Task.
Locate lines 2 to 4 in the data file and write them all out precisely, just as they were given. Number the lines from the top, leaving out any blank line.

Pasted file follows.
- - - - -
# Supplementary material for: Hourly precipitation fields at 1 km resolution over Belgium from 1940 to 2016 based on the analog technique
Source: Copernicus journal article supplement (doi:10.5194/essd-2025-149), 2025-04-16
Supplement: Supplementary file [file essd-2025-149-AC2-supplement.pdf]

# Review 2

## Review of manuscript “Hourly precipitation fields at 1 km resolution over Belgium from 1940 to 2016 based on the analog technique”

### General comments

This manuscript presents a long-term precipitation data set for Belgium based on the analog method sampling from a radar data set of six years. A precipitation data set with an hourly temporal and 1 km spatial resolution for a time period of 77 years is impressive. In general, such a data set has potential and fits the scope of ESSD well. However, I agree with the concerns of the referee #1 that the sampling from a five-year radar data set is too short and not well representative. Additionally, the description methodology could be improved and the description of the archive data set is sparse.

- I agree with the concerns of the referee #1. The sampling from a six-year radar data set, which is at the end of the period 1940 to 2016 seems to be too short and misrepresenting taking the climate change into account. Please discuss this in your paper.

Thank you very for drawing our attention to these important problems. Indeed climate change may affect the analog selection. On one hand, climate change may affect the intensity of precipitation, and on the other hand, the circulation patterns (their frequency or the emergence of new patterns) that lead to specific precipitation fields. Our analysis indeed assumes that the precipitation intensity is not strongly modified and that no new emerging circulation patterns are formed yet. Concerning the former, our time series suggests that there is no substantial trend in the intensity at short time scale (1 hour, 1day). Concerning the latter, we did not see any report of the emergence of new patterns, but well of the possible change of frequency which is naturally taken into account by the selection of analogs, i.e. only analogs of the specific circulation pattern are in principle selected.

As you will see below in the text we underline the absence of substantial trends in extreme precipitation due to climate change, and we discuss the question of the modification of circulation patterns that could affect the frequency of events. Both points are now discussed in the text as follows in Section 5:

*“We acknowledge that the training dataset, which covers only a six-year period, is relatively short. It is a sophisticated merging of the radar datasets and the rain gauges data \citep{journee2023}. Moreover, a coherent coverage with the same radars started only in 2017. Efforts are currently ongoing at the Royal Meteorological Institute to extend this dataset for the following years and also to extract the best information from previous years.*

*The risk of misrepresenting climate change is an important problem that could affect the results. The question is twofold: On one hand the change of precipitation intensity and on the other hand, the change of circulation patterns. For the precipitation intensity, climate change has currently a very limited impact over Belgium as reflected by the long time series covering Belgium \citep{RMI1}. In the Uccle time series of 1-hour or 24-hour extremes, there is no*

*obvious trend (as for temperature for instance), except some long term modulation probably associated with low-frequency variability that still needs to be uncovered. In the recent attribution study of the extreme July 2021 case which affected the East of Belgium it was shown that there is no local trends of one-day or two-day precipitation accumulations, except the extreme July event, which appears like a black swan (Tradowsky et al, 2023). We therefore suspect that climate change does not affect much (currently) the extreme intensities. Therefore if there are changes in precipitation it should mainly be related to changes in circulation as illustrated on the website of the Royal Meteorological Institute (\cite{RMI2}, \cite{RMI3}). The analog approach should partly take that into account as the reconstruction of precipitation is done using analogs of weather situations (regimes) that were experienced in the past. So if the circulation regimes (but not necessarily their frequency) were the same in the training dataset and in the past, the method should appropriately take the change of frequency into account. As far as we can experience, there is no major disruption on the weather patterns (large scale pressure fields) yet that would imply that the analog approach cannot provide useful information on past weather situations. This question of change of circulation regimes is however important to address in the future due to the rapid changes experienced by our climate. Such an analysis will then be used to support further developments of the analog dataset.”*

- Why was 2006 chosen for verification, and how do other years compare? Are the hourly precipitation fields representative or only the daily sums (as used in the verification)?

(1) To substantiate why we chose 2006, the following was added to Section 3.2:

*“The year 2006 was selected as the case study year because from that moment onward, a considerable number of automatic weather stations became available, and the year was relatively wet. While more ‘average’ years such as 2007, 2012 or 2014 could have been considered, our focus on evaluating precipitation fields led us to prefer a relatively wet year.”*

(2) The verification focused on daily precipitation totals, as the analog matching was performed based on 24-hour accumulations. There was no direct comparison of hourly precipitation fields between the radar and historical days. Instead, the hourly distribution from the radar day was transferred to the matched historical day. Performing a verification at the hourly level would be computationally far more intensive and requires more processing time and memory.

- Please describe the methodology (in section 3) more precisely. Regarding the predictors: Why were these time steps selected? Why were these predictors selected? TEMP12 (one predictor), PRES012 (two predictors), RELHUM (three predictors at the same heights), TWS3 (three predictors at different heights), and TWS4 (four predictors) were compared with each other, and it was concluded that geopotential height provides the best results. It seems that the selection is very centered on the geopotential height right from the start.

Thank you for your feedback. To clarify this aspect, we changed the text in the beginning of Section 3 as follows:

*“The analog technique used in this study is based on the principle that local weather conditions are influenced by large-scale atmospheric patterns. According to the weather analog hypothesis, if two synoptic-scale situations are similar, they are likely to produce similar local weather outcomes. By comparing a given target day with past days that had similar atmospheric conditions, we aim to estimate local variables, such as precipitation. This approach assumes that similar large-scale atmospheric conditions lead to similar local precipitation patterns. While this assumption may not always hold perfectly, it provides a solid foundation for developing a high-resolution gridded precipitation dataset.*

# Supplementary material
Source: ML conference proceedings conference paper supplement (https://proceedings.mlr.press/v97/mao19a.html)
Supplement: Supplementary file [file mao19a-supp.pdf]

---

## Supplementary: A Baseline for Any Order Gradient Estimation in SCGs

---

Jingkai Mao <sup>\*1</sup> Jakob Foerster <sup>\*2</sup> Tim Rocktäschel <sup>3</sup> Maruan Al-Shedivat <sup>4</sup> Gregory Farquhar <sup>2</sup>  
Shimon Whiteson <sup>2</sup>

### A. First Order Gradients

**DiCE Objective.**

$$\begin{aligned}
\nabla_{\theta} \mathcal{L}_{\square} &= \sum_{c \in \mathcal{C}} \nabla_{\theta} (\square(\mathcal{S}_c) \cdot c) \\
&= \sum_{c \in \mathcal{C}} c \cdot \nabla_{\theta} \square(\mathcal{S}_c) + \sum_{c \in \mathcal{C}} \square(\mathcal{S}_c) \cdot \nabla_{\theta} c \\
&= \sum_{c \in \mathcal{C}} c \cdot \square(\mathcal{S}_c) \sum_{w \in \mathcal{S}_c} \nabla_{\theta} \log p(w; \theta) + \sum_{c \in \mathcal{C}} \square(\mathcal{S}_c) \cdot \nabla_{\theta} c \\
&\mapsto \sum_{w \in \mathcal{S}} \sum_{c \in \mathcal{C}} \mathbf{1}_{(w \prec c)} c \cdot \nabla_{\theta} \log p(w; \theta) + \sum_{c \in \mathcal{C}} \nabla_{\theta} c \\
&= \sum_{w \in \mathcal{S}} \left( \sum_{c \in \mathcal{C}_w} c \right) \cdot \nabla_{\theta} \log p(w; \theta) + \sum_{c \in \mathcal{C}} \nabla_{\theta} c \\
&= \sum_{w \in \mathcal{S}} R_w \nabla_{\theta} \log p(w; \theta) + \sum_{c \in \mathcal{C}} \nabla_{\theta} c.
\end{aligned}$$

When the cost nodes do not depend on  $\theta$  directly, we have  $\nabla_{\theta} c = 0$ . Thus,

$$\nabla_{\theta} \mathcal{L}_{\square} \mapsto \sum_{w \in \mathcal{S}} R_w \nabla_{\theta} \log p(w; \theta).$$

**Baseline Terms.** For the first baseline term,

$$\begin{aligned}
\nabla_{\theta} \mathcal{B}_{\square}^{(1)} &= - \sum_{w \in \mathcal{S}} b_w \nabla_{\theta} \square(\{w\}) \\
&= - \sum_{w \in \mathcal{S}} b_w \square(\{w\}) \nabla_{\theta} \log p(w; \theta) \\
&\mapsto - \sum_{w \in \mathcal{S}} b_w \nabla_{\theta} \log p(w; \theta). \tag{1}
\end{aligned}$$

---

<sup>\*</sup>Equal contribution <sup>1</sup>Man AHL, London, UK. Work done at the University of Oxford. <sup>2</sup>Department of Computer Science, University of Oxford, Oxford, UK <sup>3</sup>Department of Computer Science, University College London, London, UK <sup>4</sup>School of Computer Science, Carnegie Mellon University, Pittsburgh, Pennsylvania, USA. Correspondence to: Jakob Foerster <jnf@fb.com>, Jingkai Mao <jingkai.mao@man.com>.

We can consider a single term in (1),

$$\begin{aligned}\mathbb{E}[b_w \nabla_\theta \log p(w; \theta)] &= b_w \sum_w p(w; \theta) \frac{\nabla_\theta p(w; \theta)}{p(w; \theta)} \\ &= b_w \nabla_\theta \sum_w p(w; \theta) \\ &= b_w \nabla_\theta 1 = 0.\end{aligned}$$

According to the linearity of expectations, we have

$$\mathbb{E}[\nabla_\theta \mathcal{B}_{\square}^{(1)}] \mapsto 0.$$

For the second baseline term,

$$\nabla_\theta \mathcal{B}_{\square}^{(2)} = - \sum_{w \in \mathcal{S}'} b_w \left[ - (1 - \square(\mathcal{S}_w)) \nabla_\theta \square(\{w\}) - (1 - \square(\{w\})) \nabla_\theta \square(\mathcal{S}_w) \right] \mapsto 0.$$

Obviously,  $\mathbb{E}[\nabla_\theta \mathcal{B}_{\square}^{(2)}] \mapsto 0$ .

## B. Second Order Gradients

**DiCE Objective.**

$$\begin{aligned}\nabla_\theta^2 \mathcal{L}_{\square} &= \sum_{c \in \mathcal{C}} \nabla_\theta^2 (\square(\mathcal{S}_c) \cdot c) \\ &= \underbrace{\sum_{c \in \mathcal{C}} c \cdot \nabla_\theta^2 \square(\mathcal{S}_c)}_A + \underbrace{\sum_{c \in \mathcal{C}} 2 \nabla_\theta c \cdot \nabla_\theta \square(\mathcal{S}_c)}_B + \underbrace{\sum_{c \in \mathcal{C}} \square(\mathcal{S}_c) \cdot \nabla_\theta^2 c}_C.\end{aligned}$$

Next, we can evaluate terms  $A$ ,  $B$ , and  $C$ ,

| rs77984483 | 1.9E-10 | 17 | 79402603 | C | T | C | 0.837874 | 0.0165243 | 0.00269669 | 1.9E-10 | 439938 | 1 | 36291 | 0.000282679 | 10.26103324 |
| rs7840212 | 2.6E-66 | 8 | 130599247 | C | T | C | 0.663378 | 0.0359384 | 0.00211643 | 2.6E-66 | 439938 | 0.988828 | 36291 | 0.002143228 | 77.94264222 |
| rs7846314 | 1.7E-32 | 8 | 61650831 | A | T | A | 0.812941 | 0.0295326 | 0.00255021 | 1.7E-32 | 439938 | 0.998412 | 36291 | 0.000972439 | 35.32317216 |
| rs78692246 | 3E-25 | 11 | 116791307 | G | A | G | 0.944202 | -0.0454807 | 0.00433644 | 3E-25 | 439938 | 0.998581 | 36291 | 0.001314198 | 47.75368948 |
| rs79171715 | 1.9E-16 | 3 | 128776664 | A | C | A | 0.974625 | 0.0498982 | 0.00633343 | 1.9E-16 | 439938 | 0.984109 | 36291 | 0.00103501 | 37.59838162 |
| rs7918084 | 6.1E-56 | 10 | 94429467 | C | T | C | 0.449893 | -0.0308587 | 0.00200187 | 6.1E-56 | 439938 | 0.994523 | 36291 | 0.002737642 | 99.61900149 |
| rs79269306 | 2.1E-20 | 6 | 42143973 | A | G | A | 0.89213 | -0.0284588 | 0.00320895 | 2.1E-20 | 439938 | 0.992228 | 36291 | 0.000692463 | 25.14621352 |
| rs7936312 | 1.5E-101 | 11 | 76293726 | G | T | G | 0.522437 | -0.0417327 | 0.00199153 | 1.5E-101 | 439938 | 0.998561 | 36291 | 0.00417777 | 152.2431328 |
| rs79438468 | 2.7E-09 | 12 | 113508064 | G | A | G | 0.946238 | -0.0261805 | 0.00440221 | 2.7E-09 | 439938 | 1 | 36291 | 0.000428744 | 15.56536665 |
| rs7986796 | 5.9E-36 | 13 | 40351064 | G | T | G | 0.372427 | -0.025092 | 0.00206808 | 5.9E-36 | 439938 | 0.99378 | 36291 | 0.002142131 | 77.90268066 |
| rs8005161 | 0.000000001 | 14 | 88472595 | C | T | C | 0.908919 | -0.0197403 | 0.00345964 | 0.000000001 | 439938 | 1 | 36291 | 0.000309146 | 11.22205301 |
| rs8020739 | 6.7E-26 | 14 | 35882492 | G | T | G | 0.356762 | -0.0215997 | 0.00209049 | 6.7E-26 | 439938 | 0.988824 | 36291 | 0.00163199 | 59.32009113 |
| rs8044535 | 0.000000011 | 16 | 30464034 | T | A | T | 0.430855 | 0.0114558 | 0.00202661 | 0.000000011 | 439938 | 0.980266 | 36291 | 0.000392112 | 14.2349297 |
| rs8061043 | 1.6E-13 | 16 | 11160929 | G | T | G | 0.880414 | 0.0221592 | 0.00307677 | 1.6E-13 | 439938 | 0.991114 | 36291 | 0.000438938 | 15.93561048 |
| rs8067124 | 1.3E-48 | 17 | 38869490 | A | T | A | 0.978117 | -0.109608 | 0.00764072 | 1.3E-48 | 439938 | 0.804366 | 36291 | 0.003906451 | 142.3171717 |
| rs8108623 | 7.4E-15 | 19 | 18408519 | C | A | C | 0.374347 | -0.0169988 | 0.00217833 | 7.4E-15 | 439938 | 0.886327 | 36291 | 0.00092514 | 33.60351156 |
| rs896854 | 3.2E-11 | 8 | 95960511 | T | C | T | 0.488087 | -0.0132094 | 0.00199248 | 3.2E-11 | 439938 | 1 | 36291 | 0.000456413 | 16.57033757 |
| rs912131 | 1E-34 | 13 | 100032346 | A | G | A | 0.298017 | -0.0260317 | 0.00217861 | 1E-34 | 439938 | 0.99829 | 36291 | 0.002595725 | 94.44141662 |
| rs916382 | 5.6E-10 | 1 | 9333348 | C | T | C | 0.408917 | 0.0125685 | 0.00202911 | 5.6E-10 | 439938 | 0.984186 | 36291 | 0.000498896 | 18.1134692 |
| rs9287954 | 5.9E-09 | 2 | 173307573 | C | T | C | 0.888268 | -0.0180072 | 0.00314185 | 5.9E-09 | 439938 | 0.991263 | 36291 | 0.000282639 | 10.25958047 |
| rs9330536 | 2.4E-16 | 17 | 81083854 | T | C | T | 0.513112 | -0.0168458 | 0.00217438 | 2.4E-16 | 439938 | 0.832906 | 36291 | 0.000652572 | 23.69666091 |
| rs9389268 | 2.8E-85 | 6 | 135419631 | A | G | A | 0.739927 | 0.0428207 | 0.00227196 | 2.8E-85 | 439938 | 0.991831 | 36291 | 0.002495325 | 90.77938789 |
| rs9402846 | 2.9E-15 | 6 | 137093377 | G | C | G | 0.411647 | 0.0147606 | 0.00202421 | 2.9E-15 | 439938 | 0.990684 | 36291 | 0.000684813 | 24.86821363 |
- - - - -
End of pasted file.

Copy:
Source: Copernicus journal article supplement (doi:10.5194/essd-2025-149), 2025-04-16
Supplement: Supplementary file [file essd-2025-149-AC2-supplement.pdf]

# Review 2